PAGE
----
Benzene Benzene is best represented as a resonance hybrid:

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1 Electrophilic Aromatic Substitution (EAS) is a substitution reaction usually involving the benzene ring; more specifically it is a reaction in which the hydrogen atom of an aromatic ring is replaced as a consequence of electrophilic attack on the aromatic ring. (Thinkbook) Benzene Benzene is best represented as a resonance hybrid: It has 120 o bond angles and sp 2 carbons. It is a planar molecule with parallel and overlapping p- orbitals. Benzene experiences a high degree of resonance and aromaticity which means any reaction breaking a double bond will have very high activation energy. Finally, benzene has electrons above and below the ring making it nucleophilic and subject to electrophilic attack. EAS reactions all follow the same general two-step mechanism. Step 1: An electrophile attacks the pi electrons of the aromatic benzene ring which results in the formation of a resonance stabilized carbocation. This carbocation is called the arenium ion and has three resonance contributors. Electrophilic attack is a very slow process. It is endergonic and has high activation energy due to the loss of aromaticity. E=electrophile **notice the arenium ion: Step 2: The carbocation intermediate is attacked by a base and loses a proton. These electrons are used to reform a pi bond and restore aromaticity. As opposed to the first step, this step is fast and exergonic because aromaticity is regained. It is important to note that the carbocation loses a proton where the electrophile attacked the benzene ring. B=base

2 Looking at the reaction profile of EAS, you will see the energy required for step 1 to proceed is very large. Like SN1 and E1 reactions, the rate-determining step (RDS) is the formation of the carbocation. Looking back at the three carbocation fates (capture a nucleophile, lose a proton and form a pi bond, or rearrange), you might be wondering why the carbocation loses a proton and does not capture a nucleophile. Capturing a nucleophile would result in an addition reaction which gets rid of the positive formal charge but does not restore aromaticity. The Five Most Common EAS Reactions Every EAS reaction follows the same mechanism and differs only in how the electrophile is formed. 1. Halogenation Functional groups: halides (Br, Cl) Under certain environmental conditions, halogenation can occur by two other mechanisms: Bromine cation attacks benzene. Ionization of FeBr4-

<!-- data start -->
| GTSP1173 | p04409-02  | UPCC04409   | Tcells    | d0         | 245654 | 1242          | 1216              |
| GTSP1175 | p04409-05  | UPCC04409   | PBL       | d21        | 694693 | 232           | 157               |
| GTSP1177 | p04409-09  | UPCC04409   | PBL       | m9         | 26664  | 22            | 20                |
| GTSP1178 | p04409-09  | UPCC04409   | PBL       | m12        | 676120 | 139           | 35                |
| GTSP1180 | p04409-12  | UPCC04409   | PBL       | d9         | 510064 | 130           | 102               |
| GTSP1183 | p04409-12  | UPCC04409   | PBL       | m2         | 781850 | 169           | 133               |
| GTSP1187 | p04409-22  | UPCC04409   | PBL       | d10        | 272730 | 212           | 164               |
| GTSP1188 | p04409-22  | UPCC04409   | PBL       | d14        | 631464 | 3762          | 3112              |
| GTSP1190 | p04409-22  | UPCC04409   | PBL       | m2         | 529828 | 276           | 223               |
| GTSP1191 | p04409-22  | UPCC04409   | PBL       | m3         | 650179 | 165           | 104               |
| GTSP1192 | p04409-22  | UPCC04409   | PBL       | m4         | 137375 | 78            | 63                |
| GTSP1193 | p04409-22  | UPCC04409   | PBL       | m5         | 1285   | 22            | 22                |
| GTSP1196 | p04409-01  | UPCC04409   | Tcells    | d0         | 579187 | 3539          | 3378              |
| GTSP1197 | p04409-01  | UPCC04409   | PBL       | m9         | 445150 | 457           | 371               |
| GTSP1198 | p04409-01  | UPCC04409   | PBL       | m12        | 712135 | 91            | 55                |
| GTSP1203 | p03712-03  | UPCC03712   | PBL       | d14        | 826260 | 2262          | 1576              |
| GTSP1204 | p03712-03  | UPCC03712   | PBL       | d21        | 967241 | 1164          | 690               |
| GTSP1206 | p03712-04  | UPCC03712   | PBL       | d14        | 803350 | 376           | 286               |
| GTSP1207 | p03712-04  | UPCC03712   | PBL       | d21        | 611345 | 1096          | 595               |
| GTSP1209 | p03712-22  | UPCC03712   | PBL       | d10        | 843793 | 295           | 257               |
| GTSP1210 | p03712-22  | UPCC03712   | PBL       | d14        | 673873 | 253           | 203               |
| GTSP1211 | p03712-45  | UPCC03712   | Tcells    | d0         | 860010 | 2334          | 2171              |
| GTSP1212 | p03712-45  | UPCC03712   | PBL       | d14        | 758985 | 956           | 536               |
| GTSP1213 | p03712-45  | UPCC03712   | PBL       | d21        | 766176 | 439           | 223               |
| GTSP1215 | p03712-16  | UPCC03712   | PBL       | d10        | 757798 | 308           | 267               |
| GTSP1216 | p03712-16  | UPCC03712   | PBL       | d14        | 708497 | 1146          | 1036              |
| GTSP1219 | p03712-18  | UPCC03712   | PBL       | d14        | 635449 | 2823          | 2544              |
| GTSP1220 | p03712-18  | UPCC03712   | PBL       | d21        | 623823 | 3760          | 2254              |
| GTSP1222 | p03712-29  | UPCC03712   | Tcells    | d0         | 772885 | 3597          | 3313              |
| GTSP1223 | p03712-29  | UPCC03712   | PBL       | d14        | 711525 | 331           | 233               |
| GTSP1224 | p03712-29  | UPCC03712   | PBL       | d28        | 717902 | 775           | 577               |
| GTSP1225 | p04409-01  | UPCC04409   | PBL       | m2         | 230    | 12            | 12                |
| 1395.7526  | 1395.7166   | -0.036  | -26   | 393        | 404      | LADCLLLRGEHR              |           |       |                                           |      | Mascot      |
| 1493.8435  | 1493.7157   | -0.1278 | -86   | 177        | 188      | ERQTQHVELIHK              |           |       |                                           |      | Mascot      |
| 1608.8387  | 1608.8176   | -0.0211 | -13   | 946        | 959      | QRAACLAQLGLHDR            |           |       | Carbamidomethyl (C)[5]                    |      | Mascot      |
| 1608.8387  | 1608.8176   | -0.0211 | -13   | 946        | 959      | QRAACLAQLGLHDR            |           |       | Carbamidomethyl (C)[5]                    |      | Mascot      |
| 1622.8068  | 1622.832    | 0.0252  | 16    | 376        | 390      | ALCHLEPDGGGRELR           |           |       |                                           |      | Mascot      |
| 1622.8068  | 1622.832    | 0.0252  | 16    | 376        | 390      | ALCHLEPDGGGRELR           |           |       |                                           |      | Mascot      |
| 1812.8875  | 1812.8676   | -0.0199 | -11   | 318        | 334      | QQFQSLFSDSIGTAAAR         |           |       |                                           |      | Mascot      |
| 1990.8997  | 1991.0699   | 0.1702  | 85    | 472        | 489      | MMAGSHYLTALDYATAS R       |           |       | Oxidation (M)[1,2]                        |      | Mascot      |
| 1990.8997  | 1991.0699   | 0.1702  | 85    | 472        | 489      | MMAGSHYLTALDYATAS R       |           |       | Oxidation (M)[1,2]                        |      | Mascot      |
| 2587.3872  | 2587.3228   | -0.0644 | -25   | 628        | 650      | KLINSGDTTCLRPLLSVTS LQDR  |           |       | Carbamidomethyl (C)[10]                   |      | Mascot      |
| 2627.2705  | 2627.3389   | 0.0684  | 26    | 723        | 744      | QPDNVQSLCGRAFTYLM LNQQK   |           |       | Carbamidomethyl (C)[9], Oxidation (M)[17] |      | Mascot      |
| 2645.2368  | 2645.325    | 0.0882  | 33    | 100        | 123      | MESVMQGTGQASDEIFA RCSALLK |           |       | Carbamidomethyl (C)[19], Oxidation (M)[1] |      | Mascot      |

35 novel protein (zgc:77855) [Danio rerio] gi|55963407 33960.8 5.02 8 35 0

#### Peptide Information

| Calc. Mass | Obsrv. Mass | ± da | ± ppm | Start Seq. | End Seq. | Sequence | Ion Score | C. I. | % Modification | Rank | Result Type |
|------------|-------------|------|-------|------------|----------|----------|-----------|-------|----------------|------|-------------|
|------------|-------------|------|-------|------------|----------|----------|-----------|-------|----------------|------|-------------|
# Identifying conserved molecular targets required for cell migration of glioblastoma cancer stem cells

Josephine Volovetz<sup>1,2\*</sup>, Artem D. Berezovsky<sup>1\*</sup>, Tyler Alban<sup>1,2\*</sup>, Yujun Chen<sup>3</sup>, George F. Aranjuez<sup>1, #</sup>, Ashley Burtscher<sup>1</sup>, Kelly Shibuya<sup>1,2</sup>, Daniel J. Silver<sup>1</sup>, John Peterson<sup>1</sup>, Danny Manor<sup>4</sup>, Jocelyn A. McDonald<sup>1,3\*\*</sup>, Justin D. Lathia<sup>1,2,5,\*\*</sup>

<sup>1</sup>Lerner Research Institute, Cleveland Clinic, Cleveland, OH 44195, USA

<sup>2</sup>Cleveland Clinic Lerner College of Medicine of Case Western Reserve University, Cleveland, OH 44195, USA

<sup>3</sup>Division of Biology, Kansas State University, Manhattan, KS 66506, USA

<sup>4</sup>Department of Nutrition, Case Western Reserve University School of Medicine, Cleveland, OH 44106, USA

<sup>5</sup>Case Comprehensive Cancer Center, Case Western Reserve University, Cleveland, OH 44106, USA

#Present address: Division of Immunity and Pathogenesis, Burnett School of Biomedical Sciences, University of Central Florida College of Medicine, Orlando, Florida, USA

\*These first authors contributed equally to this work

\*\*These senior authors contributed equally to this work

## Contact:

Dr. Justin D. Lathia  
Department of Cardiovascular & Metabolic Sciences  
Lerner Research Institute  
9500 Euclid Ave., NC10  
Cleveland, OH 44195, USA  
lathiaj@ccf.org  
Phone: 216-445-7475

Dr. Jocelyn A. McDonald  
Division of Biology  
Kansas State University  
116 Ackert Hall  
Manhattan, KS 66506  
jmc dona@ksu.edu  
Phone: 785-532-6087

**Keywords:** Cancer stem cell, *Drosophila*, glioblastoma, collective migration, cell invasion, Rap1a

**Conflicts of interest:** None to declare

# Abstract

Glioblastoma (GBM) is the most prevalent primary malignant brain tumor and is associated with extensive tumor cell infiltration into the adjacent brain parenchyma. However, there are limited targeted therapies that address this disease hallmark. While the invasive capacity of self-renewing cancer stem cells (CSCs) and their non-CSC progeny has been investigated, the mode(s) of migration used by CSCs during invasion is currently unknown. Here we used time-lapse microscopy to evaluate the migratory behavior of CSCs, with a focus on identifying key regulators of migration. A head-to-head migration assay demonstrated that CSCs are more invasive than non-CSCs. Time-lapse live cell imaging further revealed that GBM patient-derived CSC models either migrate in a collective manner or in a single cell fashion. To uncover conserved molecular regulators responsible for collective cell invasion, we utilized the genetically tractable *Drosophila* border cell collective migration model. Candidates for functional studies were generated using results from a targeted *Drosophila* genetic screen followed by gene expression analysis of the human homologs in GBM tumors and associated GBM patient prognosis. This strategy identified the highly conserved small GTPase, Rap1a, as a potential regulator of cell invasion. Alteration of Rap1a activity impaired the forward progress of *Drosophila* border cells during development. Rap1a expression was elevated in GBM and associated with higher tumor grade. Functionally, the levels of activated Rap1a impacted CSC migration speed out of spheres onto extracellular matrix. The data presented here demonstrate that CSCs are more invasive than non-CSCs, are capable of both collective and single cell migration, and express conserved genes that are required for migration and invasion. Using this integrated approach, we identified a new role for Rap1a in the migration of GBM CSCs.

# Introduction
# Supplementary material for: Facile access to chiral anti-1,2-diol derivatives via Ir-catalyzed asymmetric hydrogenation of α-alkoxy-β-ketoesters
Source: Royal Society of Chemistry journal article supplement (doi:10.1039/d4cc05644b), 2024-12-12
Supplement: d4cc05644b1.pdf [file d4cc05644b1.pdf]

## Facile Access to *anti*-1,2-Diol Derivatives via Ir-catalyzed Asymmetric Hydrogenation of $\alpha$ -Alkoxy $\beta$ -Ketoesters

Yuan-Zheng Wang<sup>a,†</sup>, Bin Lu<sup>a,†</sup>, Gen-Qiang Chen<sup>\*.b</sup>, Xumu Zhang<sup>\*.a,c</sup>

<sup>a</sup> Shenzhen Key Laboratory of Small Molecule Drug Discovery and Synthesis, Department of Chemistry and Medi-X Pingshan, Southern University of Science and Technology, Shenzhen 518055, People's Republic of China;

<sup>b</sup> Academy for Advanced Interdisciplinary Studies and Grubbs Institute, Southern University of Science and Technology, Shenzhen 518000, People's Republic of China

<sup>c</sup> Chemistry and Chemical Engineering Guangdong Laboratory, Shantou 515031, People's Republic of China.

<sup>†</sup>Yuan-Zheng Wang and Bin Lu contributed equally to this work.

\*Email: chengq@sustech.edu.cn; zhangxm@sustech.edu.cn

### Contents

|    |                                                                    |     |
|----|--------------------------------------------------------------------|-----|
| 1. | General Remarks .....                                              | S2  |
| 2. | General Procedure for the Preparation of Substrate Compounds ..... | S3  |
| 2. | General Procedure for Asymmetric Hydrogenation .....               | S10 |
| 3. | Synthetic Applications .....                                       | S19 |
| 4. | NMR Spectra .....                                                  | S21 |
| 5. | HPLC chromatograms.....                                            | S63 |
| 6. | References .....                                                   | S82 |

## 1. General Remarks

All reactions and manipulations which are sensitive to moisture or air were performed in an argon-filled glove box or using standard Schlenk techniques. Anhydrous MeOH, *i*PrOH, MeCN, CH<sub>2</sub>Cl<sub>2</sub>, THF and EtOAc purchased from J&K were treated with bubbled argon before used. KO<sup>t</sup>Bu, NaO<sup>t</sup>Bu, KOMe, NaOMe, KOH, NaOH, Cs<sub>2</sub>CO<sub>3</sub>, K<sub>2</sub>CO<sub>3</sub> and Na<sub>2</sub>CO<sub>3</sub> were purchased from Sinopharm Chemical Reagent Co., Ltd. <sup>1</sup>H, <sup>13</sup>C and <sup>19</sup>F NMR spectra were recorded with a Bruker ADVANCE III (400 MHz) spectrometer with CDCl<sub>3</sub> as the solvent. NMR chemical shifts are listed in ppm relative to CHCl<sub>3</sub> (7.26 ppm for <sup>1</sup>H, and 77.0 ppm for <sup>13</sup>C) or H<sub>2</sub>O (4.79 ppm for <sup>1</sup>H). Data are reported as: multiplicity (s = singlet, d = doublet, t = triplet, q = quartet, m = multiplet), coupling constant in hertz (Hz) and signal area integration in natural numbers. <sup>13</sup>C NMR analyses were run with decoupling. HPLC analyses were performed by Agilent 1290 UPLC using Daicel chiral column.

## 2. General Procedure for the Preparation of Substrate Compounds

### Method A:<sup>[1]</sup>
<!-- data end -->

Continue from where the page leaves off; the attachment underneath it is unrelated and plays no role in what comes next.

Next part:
3 You also might ask why is FeBr3 necessary for the reaction to occur and not just Br2? o Disrupting aromaticity is hard to do and requires a strong electrophile- Br2 alone has no open octet, no _+ and no formal positive charge. When it approaches benzene, the electron clouds repel each other creating a brief polarization/ induced dipole due to Van der Waals interactions but this still is not a strong enough electrophile. Using a Lewis acid such as FeBr3 or AlBr3 increases the polarity of the Fe-Br bond and makes Br a better electrophile. Halogenation also occurs with Cl2, FeCl3 and AlCl3. Problem: Draw the mechanism of the following reaction including all resonance contributors and the polarization of Cl2. Solution: 2. Sulfonation with SO3 or SO3H+ (sulfonic acid) This is the only reversible EAS reaction.